for example, that demographics matter:
People of the historically dominant
race and gender and a respected age
(white men over 40 in the western

corporate world) are typically afforded
higher status than everyone else. Ap-
pearance also plays a role (the tall and the
good-looking are favored over those less
genetically blessed), as do personality
(confident extroverts win out) and formal
rank (the boss is the boss).

Thankfully, we also use more legiti-
mate measures to size up new teammates.

December 2013 Harvard Business review 127

These include expertise, competence,
and commitment—all good indicators of
whether a person will command others’
respect. But although educational and
professional credentials may testify to
these assets, they can be difficult to assess
immediately. So at first, as a shortcut, we
often revert to using the aforementioned
easily observable characteristics to deter-
mine who is worthy of leading the group.

Initial perceptions, of course, are
subject to change as people work together
and prove their merit. Still, the old adage

“You never get a second chance to make a
first impression” is at least partially true.
Numerous studies show that social hier-
archies develop quickly and are generally
stable: People who achieve high status
early tend to retain it.

A New





Elizabeth Long Lingo
Assistant professor,
Worcester Polytechnic Institute

Kathleen L. McGinn
Professor, Harvard Business School

Spend less time
exerting control
and more
time mobilizing
energy and

Harvard Business Review
July–August 2020  67

ARA , T H E CH IEF ST R AT EGY officer of a
software firm, was the newest member of
the C-suite. Except for the CEO, the other
officers had joined the executive team from
the technology side in the course of acqui-
sitions. Tara, the only MBA, had come from
the business side and been recommended
by the board. She was excited about her
mandate: to drive a coherent strategy across
the firm’s fragmented divisions.

Several months in, however, Tara had accomplished little.
She’d been blocked by her fellow officers at every turn. In
frustration, she asked her supporters on the board to back
her up with the CEO. She was stunned when they not only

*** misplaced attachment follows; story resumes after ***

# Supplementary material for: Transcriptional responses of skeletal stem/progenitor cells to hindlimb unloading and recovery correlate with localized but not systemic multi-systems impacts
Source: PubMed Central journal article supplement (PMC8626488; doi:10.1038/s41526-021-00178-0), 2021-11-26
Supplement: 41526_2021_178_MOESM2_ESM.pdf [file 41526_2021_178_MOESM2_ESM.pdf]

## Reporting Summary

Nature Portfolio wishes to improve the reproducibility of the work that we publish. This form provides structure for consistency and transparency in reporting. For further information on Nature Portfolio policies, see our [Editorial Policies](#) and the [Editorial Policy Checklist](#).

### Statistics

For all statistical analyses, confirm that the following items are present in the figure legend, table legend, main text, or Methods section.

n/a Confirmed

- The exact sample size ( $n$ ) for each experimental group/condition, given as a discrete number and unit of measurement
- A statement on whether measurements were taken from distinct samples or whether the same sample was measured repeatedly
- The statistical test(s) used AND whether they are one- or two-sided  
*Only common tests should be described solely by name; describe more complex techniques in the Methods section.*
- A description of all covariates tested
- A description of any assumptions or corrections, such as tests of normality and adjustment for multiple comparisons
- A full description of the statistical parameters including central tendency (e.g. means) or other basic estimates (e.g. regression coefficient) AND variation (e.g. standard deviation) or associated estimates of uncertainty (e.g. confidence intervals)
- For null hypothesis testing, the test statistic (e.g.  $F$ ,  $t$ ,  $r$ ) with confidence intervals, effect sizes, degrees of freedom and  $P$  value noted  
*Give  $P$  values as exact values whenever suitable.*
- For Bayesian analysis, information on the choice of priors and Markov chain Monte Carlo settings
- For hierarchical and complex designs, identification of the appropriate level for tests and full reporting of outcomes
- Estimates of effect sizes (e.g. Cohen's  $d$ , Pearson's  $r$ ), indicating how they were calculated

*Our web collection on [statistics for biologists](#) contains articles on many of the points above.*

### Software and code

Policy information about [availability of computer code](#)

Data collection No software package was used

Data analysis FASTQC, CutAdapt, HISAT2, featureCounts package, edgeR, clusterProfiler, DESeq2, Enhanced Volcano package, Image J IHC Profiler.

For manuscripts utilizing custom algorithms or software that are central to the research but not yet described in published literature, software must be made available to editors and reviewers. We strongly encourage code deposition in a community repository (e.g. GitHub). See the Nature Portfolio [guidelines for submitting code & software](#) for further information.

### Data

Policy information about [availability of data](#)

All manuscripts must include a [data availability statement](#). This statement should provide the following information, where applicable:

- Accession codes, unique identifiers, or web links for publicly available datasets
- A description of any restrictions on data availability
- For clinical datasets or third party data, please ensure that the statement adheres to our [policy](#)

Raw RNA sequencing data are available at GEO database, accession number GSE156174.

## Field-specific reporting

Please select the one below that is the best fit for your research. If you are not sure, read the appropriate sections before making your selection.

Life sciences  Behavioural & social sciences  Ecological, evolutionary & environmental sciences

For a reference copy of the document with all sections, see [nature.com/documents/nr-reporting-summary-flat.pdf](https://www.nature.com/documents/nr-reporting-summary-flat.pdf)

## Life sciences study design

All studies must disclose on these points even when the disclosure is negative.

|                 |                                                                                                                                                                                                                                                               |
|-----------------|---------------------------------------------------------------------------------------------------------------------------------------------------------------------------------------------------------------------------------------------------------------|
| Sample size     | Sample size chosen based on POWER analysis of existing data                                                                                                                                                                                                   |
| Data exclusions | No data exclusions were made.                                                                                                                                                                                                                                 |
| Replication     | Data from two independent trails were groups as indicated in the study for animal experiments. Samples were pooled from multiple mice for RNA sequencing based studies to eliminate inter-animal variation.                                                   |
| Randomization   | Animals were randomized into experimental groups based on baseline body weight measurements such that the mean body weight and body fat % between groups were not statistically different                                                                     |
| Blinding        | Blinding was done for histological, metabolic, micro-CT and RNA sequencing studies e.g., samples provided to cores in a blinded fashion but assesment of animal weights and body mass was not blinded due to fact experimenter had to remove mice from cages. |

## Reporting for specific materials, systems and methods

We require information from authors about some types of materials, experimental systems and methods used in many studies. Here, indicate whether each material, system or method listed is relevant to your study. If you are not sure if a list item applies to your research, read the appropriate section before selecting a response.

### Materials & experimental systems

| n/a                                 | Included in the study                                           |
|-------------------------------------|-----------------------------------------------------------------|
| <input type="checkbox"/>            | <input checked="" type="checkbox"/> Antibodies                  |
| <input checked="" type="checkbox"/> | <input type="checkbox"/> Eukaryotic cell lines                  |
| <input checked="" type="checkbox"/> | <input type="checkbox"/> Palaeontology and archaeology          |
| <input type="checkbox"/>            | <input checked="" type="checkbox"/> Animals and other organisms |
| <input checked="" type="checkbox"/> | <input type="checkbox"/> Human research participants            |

declined but said they might have erred in recommending
her for the position. What had gone wrong?

As most leaders discover sooner or later, effectively wield-
ing power is rarely straightforward. Simply exercising control
over others—the traditional concept of power—is often not
the best strategy; it may not even be an option. When the
path ahead or the very need for change is in dispute, when

looking to seize an opportunity rather than put out a fire,
when working across silos where claims to authority may be
ambiguous and contested, leaders should take a different
approach. The most potent uses of power often involve no
direct influence tactics at all.

On the basis of decades of research and consulting with
executives and managers, we have developed an approach
to power that goes beyond exerting control and mobilizes
others’ energy and commitment. Our model of power
focuses on its three core dimensions: situational, relational,
and dynamic. The degree to which you draw on all three will
determine how effectively you get things done.

Power Is Situational
Leaders often view power as a purely personal quality,
derived from their formal roles and titles, accreditations,
skills, and experience; from the information they control
and the reputation they’ve built; and from their charisma,
resilience, and energy. But power also arises from and
depends on situational factors such as your objectives, the
environment, and bases of power. Stanford professor Jeffrey
Pfeffer has observed that one of the primary ways leaders
limit their own power is by failing to search for and cultivate
sources of influence beyond formal authority and personal
charisma. We suggest several steps to help you identify and